Range Report: G2 Research Ammunition
Oleg Volk 02.09.15
G2 Research got ripped pretty badly a year ago for an over the top advertising campaign. Numerous reviews compared performance of G2 Research ammunition to FBI standards, found the results lacking, and dismissed the company as a snake oil seller. I went along with this opinion, even though their ammunition was my favorite DDupleks Hexalit slug in miniature.
At SHOT Show, we were introduced to each other by a colleague and discovered that I lived within an easy day trip from their factory. Today, we met at my local range to play with various ammunition, theirs and other brands as well, and to compare data. I was mostly interested in expanding rifle ammunition, but shot pistols quite a bit as well for the chronograph and the now-mandatory Clear Ballistics gel blocks.
Most of G2 “radically invasive projectiles” are individually machined copper bullets with sharp leading edges and pre-cut fragmentation notches. They stayed together pretty well while passing through a variety of obstacles, like wood and fabric, but fragmented readily when subjected to hydrostatic pressure. The idea is to get the bullet through skulls, breastbones, clothing and other nuisances separating the defender or hunter from the soft vital tissues. The concept works spectacularly well with 12 gauge sized DDupleks slugs, so I wanted to see how it would scale down to G2’s largest currently loaded caliber, 45ACP.
We put up a defensive target with a large gel block behind it.
Our model, more used to her own M1911 than to the DAO trigger of the Boberg XR45-S we handed to her, shot a bit to the right but still hit the block behind the paper.
Of the four shots fired, three produced full penetration of the 10 inch deep block, and one bullet base was stopped at the edge of the block by the 2×4 used to keep it from falling over. Each bullet produced one large wound track and eight smaller, more shallow tracks reaching about 6 inches in depth.
Viewing the secondary tracks head-on, we can see that they take up about 6 inches at the widest point. The theory behind this bullet design is that adequate depth of penetration is only one of several considerations, the other being adequate width of the wound channel(s) to make up for often imperfect placement of defensive shots. In other tests, the base penetrated about 14.5″. It’s retained weight is about that of a 380ACP or a light 9mm Luger bullet, with the rest of the weight distributed between sharp individual segments. The action is similar to folding broadhead arrow tips. Since everyone who works at G2 Research is a shooter, they’ve applied their ammunition in practice, successfully taking 200-pound wild hogs with 300 Blackout rifle and pistols in 9mm and 45ACP, all using their own RIP ammunition.
My own interest was more with their expanding bullets. I wanted to know if their 300 Blackout subsonics and 223 Remington loads would expand reliably from short barrels.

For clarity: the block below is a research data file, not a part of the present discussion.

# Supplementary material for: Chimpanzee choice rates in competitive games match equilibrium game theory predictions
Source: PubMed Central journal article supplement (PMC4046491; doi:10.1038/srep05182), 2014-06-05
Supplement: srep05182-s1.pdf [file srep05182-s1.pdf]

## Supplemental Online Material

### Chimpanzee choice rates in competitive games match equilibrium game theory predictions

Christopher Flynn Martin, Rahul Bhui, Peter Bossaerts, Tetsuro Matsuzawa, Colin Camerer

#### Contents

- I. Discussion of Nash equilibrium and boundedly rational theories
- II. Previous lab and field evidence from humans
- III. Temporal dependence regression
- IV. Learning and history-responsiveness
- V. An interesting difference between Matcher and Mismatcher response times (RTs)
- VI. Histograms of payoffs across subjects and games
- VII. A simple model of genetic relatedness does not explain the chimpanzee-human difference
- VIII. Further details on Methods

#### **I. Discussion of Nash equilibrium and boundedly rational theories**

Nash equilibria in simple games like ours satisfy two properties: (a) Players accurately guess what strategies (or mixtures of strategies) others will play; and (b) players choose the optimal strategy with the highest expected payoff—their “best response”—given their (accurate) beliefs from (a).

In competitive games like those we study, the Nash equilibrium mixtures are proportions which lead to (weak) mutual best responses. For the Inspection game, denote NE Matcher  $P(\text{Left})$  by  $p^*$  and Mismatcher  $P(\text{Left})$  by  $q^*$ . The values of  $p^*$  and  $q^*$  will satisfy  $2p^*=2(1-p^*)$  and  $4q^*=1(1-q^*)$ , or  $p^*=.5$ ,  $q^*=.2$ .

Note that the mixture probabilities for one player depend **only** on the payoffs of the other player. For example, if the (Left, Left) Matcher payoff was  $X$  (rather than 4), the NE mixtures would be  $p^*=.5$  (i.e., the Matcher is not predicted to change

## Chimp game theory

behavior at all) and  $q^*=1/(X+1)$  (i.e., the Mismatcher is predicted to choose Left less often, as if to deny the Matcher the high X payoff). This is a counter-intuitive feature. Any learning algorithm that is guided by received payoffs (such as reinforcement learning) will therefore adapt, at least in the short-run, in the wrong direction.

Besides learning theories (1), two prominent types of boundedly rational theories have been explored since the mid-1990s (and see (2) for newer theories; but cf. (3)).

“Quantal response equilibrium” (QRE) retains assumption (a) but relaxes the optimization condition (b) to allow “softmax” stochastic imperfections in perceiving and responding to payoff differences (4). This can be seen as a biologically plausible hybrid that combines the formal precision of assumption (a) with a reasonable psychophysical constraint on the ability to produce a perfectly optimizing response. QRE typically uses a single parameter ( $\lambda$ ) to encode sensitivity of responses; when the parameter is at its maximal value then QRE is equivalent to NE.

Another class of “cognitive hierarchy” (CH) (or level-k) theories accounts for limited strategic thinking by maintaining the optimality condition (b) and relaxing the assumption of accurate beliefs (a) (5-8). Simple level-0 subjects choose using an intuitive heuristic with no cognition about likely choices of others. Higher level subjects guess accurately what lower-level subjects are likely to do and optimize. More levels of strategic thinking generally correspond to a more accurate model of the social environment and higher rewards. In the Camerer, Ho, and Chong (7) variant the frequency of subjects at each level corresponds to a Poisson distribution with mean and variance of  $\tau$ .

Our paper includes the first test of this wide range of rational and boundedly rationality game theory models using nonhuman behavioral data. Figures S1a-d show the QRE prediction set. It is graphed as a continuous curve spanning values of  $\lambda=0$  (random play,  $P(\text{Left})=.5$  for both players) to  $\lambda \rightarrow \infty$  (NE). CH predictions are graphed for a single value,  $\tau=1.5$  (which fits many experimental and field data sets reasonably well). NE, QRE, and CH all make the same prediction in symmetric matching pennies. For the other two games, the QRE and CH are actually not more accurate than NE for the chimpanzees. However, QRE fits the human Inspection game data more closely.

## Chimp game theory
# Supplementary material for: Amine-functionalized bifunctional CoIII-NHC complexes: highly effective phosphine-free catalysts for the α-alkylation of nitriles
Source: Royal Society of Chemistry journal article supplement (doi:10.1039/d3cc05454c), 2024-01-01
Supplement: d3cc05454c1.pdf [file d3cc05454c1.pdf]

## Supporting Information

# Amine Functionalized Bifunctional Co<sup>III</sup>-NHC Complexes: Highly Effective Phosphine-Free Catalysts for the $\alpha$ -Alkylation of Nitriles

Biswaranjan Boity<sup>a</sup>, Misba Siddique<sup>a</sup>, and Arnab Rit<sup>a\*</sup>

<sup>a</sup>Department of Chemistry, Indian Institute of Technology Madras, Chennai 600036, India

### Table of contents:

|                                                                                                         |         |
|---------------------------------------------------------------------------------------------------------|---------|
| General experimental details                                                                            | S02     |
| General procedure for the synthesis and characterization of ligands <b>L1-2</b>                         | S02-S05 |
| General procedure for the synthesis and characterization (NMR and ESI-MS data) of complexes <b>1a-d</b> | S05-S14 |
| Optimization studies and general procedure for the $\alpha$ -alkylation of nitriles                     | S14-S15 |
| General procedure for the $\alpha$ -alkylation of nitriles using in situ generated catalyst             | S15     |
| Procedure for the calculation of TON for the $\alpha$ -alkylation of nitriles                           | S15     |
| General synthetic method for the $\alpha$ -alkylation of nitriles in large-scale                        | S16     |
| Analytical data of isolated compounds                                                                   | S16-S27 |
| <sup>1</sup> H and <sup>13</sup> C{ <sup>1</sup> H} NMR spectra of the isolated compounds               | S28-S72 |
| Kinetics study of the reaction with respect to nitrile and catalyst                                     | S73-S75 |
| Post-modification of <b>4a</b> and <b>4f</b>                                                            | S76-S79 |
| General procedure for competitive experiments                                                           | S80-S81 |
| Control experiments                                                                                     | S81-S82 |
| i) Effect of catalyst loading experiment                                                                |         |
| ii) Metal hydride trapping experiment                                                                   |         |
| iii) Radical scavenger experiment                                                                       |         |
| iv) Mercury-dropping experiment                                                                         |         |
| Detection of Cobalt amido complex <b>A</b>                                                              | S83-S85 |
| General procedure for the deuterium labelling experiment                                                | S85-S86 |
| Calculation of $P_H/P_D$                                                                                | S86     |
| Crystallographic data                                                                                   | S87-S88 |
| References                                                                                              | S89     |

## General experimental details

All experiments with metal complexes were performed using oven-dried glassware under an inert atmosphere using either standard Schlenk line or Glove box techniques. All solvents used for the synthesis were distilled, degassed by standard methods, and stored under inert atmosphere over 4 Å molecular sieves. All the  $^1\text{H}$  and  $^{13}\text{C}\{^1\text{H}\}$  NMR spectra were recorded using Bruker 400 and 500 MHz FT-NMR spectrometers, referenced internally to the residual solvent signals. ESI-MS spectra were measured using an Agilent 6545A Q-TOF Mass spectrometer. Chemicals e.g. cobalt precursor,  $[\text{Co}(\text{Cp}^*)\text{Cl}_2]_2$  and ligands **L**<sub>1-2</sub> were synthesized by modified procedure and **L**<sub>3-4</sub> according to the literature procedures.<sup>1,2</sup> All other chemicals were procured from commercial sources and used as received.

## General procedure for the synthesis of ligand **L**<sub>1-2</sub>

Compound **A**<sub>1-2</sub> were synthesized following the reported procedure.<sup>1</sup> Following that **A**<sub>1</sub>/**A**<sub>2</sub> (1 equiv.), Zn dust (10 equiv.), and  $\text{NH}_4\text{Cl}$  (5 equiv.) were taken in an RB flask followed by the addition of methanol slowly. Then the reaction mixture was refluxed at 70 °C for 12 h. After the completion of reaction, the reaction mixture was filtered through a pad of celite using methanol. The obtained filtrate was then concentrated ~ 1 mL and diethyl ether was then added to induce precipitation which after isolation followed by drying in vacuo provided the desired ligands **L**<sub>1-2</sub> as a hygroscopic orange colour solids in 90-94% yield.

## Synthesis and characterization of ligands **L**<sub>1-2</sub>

Short from 9.5″ pistol barrel, the all-copper 65gr Trident bullet got up to 2200fps, penetrated about 17.5″ but did not expand. It did flip tip over tail about six inches in, causing a substantial permanent cavity. Fired from 12.5″ barrel, it reached 2335fps and expanded to three times its initial diameter with almost identical penetration.
Subsonic 300 Blackout Trident load with 200 grain hollow-point bullet performed extremely well even from the diminutive 6 inch barrel of the suppressed carbine. This quiet bullet expanded to the same three times of the original diameter within four inches of impact and penetrated 16″ into the gel. Shooting the same round from a 16″ barrel increased penetration to 19.5″ without altering expansion. To me, that seems like excellent performance. G2 also loads the expanding Trident round in 300BLK to supersonic velocity (110 grains) and makes sub- and supersonic versions with the fragmenting RIP bullet designed to disperse half of its trocars upon impact and the other half deeper in the target. I have not tested them in gel today but plan to try them in the near future.
We did shoot supersonic Trident bullets at steel targets at 75 meters and found accurate shooting aided by an unexpected feature, vapor contrails. The expansion cuts in the projectiles caused the same faint traces even in the dry winter air that we see on airplane wingtips. The contrails were wide enough to be visible to the shooter and the observers even during the short flight time at the range, and were quite helpful for calling the direction of any misses.
We also discovered that a Taurus 905 revolver chambered in 9mm Luger yielded about 1250fps despite the short 2-inch barrel. At seven yards, the two-inch group was comparable to other 9mm Luger munitions but with milder recoil thanks to the lighter bullet weight. Judging from the tests with cloth-covered gelatin, the sharp leading edges of the bullets reduce the amount of energy used up on the initial penetration of cloth (or skin), cutting rather than pushing through.
So there’s a lot more to G2 Research than their early, over the top ads suggested. I plan on testing more of the ammunition for myself, and will post the results as I get them organized.